Django2.0手册:Built-in class-based views API

Class-based views API reference. For introductory material, see the
Class-based views topic guide.

Specification¶

Each request served by a class-based view has an independent state; therefore,
it is safe to store state variables on the instance (i.e., self.foo = 3 is
a thread-safe operation).

A class-based view is deployed into a URL pattern using the
as_view() classmethod:

urlpatterns = [
    path('view/', MyView.as_view(size=42)),
]

Thread safety with view arguments

Arguments passed to a view are shared between every instance of a view.
This means that you shouldn’t use a list, dictionary, or any other
mutable object as an argument to a view. If you do and the shared object
is modified, the actions of one user visiting your view could have an
effect on subsequent users visiting the same view.

Arguments passed into as_view() will
be assigned onto the instance that is used to service a request. Using the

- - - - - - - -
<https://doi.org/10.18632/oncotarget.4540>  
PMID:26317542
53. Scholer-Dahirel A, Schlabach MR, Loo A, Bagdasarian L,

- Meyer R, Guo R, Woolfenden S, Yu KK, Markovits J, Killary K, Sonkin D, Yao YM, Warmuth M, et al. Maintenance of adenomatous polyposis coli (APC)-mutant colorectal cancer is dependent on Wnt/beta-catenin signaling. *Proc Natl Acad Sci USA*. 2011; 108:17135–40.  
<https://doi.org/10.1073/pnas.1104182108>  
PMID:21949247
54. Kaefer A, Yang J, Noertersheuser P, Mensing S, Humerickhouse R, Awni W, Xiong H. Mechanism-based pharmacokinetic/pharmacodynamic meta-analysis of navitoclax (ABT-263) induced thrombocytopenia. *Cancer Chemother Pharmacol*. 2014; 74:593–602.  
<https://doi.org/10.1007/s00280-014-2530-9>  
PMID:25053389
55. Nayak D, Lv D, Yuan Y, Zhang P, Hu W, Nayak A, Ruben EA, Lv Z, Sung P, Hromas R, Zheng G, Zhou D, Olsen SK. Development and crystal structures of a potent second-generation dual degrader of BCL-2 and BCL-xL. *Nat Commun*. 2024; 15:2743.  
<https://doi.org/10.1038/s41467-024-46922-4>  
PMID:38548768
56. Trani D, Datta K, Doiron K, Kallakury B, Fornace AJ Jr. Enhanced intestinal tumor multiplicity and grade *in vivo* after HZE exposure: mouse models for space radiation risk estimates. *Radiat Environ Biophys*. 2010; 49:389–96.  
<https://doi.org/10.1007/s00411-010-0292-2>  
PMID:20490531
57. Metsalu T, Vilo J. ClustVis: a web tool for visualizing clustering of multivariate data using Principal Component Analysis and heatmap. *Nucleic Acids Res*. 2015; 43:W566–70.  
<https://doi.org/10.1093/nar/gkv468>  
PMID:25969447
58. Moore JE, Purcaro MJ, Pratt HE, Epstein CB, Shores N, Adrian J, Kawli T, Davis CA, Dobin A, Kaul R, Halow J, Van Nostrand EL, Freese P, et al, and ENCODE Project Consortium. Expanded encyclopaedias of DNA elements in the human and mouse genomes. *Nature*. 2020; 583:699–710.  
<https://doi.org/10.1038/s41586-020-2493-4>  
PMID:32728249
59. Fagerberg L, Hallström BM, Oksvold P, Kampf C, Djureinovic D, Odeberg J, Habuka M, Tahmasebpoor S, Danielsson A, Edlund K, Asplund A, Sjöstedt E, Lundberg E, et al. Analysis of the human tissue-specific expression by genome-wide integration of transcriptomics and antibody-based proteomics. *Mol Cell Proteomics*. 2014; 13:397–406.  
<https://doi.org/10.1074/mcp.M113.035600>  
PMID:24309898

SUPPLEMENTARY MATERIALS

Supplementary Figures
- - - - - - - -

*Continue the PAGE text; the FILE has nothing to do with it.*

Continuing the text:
previous example, this means that every request on MyView is able to use
self.size. Arguments must correspond to attributes that already exist on
the class (return True on a hasattr check).

Base vs Generic views¶

Base class-based views can be thought of as parent views, which can be
used by themselves or inherited from. They may not provide all the
capabilities required for projects, in which case there are Mixins which
extend what base views can do.

Django’s generic views are built off of those base views, and were developed
as a shortcut for common usage patterns such as displaying the details of an
object. They take certain common idioms and patterns found in view
development and abstract them so that you can quickly write common views of
data without having to repeat yourself.

Most generic views require the queryset key, which is a QuerySet
instance; see Making queries for more information about QuerySet
objects.